New Hamp­shire’s new vot­ers are crit­i­cal for both par­ties

Cecil Whig - - OPINION - David Shrib­man

INTERVALE, N.H. — Oh, no! Not New Hamp­shire again! Not another el­egy to those flinty and finicky vot­ers! No, not that!

Yes, that. Be­cause when we last left the state, back in pre­co­ro­n­avirus times, the Pres­i­den­tial Range was draped in snow, Sen. Bernie San­ders of Ver­mont and for­mer Mayor Pete But­tigieg of South Bend, In­di­ana, both had cap­tured nine Demo­cratic con­ven­tion del­e­gates, and for­mer Vice Pres­i­dent Joseph R. Bi­den Jr. was buried in a dis­tant fifth place. Only one in 12 vot­ers sup­ported him.

Now we are back, and if you stand at the vista here by the White Moun­tain High­way, you will see wild­flow­ers in the fore­ground, leaves chang­ing bril­liantly in the val­ley, and, in the dis­tance, the Pres­i­den­tial Range draped in late-sum­mer sun­shine. But the po­lit­i­cal sea­son has changed, too. We have a new per­spec­tive on pres­i­den­tial ranges in gen­eral: Bi­den is the Demo­cratic pres­i­den­tial nom­i­nee, Sen. Ka­mala Har­ris of Cal­i­for­nia (who folded her cam­paign even be­fore the pri­mary here) is his run­ning mate, and once again this state is a po­lit­i­cal bat­tle­ground of great con­se­quence.

How can that be? New Hamp­shire, once as re­li­ably Repub­li­can as the but­ter-and­sugar sweet corn is re­li­ably ready for pick­ing in Au­gust, has voted for the Democrats in six of the last seven elec­tions — and it would have been seven straight had in­de­pen­dent Ralph Nader not si­phoned off 22,198 from Vice Pres­i­dent Al­bert Gore’s sup­port in 2000.

But here’s why Pres­i­dent Don­ald Trump dropped in here re­cently, why Democrats are mo­bi­liz­ing as if they are pre­par­ing for a win­ter nor’easter, and why never-Trumper Repub­li­cans are or­ga­niz­ing in a way in­de­pen­dent-minded party mem­bers haven’t done since Henry Cabot Lodge Jr., the Amer­i­can am­bas­sador to Saigon, was the stun­ning ben­e­fi­ciary of a write-in cam­paign that ac­tu­ally won the 1964 New Hamp­shire pri­mary:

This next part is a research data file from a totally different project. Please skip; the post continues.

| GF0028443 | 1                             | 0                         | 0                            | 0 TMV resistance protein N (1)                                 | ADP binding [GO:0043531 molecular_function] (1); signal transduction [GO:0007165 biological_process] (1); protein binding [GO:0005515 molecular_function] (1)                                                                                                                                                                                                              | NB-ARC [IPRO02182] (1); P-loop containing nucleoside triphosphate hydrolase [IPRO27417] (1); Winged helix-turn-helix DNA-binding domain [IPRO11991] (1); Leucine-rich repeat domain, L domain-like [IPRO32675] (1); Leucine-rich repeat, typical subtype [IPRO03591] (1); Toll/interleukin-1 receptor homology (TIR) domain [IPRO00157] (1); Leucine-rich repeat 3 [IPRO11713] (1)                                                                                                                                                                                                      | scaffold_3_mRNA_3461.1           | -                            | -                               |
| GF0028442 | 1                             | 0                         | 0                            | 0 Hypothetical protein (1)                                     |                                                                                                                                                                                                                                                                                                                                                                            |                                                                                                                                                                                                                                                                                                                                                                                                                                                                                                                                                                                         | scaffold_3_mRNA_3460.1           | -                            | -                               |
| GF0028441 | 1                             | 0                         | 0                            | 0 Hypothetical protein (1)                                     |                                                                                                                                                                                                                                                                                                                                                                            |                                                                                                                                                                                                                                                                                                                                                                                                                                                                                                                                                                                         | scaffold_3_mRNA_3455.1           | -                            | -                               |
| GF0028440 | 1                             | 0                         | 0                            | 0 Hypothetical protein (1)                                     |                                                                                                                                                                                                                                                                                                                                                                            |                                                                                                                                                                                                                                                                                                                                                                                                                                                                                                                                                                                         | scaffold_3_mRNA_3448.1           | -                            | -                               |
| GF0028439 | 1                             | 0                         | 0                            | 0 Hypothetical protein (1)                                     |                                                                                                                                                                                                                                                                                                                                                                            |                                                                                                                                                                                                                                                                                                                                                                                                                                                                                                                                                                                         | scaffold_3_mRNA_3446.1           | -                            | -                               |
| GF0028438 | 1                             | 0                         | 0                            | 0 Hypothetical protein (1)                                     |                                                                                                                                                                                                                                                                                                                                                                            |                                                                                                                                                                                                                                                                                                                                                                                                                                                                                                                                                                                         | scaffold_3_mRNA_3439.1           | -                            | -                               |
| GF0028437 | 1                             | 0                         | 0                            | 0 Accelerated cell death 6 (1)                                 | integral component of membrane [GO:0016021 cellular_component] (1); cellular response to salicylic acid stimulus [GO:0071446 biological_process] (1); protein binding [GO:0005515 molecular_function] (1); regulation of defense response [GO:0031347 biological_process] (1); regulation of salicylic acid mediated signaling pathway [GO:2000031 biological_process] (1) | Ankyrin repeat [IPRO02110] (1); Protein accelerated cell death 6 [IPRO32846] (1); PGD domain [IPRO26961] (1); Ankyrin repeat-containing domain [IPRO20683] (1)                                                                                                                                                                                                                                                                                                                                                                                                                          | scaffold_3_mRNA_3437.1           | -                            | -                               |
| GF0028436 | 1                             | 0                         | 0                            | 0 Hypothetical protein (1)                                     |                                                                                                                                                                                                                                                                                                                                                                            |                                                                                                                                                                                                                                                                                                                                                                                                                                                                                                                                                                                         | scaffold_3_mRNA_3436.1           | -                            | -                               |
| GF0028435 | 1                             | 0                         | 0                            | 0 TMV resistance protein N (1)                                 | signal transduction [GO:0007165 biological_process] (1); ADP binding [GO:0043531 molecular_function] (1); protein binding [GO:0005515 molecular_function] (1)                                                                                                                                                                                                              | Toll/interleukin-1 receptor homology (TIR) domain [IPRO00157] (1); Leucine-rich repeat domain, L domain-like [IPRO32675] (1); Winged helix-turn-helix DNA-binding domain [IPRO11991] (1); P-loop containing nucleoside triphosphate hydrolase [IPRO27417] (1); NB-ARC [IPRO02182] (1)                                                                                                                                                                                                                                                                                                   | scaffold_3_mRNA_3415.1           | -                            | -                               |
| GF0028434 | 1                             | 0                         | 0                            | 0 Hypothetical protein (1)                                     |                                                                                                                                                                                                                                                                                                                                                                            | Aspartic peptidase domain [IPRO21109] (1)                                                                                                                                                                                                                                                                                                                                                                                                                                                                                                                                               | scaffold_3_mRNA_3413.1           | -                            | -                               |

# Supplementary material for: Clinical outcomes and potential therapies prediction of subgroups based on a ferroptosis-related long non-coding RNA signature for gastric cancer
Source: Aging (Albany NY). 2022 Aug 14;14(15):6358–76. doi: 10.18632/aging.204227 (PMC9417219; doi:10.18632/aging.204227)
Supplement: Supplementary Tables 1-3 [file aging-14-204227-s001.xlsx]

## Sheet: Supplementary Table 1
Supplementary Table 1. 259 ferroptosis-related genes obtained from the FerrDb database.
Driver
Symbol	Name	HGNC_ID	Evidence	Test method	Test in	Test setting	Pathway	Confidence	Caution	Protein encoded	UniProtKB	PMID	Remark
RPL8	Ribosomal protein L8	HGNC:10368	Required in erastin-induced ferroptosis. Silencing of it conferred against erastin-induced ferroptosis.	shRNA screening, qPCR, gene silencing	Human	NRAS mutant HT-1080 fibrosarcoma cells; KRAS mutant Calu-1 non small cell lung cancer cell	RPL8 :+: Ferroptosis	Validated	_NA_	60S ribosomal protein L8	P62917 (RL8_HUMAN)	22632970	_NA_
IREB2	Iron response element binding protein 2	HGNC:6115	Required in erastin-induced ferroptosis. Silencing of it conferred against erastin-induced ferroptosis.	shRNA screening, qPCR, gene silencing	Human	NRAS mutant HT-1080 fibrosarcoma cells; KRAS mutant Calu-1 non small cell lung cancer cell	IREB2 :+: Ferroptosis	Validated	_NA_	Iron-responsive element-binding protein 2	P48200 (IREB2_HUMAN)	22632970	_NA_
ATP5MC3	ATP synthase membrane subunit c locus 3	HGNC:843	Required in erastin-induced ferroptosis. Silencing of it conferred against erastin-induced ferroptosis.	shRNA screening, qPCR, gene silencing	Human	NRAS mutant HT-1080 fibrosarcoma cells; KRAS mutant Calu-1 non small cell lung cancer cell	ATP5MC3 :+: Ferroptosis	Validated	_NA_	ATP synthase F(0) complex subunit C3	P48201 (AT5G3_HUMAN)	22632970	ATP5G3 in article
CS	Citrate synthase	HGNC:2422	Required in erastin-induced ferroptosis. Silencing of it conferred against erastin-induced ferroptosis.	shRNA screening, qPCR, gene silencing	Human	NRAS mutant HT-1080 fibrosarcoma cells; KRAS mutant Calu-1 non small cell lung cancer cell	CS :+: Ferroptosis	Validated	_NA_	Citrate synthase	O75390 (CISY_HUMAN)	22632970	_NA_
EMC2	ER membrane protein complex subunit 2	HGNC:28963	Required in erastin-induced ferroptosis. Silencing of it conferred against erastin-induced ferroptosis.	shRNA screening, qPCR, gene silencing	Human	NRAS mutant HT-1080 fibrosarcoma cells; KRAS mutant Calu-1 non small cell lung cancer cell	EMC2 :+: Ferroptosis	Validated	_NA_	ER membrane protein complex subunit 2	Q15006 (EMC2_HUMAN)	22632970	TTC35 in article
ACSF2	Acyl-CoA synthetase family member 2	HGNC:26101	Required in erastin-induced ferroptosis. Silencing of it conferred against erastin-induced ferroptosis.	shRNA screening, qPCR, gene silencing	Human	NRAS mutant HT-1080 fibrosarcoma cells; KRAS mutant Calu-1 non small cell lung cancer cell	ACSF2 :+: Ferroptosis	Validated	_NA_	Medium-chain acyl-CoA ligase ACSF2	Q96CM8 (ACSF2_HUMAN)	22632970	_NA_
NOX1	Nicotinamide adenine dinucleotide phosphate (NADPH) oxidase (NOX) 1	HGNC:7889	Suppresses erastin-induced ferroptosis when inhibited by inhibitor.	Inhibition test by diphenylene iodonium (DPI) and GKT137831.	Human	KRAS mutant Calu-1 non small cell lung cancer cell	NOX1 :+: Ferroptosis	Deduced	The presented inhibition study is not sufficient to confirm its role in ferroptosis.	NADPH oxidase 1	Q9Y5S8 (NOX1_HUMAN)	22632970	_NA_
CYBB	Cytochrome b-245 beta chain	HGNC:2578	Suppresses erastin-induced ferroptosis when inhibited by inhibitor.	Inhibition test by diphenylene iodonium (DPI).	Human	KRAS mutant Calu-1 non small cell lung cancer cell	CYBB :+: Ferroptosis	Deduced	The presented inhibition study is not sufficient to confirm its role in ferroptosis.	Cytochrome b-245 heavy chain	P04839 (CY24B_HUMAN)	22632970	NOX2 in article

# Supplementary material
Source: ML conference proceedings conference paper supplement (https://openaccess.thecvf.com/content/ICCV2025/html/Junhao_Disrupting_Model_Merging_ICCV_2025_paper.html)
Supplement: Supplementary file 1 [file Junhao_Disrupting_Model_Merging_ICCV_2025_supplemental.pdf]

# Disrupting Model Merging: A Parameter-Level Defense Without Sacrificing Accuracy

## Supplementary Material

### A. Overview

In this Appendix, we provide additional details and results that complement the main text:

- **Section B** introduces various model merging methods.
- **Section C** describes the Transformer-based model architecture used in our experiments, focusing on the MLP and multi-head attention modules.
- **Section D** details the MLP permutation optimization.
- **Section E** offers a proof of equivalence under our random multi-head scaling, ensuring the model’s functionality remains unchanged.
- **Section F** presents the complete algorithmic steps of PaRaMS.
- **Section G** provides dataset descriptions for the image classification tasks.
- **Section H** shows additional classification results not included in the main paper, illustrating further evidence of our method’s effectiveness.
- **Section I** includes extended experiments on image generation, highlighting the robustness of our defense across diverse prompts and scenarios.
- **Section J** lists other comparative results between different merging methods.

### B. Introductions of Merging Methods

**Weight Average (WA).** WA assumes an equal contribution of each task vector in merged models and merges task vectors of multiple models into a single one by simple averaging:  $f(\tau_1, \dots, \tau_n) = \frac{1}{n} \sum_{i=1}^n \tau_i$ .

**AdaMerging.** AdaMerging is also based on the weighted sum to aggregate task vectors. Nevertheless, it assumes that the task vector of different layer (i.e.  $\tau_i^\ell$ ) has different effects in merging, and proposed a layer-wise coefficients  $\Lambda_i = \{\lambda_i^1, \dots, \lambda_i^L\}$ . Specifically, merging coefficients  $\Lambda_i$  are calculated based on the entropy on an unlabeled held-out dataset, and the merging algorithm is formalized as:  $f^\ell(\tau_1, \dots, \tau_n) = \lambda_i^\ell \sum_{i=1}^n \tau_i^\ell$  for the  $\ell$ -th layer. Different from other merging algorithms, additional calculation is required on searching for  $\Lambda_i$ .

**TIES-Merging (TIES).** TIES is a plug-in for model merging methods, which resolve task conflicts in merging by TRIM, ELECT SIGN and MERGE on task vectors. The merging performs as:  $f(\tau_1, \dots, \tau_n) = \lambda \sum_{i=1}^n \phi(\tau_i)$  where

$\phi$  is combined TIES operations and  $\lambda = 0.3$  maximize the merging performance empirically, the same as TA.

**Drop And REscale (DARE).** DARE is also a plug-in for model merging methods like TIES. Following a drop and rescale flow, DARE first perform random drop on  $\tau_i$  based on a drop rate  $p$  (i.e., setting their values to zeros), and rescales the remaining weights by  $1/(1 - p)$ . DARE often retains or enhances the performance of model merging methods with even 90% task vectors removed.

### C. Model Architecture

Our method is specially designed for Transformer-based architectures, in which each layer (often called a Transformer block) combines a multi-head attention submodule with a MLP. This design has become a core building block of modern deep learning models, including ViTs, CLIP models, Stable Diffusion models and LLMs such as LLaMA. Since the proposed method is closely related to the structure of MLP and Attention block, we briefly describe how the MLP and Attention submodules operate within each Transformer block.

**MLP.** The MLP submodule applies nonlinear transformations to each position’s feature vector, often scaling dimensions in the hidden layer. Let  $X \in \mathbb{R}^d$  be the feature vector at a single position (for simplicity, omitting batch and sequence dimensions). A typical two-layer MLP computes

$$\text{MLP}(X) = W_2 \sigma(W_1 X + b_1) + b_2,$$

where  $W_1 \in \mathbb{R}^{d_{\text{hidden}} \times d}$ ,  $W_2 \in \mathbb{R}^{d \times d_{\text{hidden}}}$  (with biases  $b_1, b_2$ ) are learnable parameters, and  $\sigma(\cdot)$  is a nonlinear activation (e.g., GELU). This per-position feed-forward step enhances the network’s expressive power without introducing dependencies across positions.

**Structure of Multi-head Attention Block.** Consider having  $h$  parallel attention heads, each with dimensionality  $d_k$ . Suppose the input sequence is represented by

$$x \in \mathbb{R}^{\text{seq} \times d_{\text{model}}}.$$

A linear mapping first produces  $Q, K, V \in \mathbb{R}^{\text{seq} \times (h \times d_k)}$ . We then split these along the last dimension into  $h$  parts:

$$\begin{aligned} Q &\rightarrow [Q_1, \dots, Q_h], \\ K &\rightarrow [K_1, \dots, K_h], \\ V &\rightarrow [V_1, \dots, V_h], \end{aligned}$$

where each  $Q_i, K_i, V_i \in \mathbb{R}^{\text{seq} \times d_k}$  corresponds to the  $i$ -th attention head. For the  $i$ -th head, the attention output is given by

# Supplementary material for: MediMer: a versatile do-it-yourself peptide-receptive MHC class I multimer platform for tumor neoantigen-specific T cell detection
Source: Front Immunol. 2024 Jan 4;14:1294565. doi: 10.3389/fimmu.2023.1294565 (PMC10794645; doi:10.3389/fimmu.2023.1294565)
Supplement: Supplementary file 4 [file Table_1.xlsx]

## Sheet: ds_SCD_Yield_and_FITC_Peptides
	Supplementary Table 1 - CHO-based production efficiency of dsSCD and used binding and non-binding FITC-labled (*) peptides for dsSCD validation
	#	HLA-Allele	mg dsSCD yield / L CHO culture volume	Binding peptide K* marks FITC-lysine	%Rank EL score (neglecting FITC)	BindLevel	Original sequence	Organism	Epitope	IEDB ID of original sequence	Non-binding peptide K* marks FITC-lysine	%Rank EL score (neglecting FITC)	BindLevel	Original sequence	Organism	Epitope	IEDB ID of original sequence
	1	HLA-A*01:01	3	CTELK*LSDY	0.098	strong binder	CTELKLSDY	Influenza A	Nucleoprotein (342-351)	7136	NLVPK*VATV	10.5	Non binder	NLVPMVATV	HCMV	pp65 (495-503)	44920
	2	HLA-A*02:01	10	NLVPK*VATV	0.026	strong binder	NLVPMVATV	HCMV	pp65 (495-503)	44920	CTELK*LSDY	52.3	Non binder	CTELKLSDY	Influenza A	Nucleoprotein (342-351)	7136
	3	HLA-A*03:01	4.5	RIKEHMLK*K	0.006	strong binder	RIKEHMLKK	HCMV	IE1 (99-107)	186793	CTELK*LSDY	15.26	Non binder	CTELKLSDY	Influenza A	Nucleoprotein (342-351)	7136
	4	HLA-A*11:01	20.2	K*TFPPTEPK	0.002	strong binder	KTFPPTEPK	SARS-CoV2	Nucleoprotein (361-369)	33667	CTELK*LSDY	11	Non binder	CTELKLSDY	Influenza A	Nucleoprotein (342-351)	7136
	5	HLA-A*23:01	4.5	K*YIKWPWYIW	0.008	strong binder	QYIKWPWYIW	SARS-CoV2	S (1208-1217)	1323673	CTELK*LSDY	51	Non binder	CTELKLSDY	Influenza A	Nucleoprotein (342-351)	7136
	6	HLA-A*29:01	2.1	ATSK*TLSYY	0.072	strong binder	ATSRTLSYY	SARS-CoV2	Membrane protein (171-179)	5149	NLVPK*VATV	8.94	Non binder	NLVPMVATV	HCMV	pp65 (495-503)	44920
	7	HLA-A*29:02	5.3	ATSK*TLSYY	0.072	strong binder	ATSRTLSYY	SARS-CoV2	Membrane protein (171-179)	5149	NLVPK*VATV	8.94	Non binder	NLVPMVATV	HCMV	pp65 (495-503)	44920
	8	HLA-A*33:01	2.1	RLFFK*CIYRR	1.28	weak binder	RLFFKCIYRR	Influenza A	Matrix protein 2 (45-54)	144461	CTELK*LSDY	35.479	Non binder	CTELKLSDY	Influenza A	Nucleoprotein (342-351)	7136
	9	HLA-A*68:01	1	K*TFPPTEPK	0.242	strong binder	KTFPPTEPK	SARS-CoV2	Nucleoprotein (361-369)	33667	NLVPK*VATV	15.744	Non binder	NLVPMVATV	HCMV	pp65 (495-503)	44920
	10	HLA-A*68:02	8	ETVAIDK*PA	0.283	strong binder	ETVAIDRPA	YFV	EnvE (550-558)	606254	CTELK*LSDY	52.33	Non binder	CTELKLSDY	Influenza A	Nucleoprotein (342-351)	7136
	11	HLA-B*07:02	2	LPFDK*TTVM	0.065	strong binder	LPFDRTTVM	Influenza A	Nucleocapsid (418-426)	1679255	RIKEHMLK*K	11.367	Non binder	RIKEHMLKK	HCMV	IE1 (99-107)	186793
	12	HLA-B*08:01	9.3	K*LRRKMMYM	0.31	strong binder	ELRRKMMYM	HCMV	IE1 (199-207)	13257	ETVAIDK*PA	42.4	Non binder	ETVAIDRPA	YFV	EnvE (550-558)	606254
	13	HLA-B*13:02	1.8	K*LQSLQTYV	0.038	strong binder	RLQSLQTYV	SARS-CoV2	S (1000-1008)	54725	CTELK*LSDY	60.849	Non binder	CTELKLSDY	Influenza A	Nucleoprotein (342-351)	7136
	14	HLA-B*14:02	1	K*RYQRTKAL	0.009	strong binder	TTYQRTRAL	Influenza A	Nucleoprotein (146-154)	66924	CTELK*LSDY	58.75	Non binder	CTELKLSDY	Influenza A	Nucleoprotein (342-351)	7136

Trump lost this state and its tiny (but per­haps con­se­quen­tial in a close con­test) haul of four elec­toral votes by a mar­gin of only 2,736 four years ago. To put that num­ber in hard­scrab­ble gran­ite per­spec­tive wor­thy of the White Moun­tains here, that’s about one-quar­ter the num­ber of votes that Rep. Tulsi Gab­bard won in the Demo­cratic pri­mary in Fe­bru­ary, and you prob­a­bly have for­got­ten that she even ran and never ac­tu­ally knew who she was.

This kind of fevered pol­i­tics is, to be sure, un­usual here. From 1920 to 1988 — from the pres­i­den­tial can­di­da­cies of War­ren Hard­ing to Ge­orge H.W. Bush — the Gran­ite State de­vi­ated from the Repub­li­can column only four times, three for Franklin Roo­sevelt and once for Lyn­don B. John­son in the Texan’s 1964 land­slide over Sen. Barry Gold­wa­ter. In that pe­riod, Repub­li­cans ba­si­cally sat back and watched that hand­ful of elec­toral votes slip ef­fort­lessly into the GOP slot.

Now there is a dif­fer­ent New Hamp­shire — and it has grown even more dif­fer­ent in re­cent years.

New Hamp­shire once was a re­mote colony of Yan­kees who pretty much stayed put and stayed the same. But now this is one of the fastest-chang­ing states in the union.

In­deed, from that 2000 elec­tion, where Nader played such a piv­otal role, to 2008, when Sen. Barack Obama of Illi­nois pre­vailed, fully a third of po­ten­tial vot­ers ac­tu­ally were dif­fer­ent peo­ple than the elec­torate be­fore the turn of the cen­tury; they were peo­ple who ei­ther were not 18 at the end of the 20th cen­tury or didn’t live in the state. That phe­nom­e­non oc­curred again be­tween 2008 and 2016. That churn is chill­ing news for the Repub­li­cans, and thus for Trump.

“The newer peo­ple and younger peo­ple are more likely to iden­tify as Democrats,” said An­drew Smith, a Uni­ver­sity of New Hamp­shire poll­ster, “as the younger peo­ple look to that party and some older peo­ple ei­ther die or move to Florida.”

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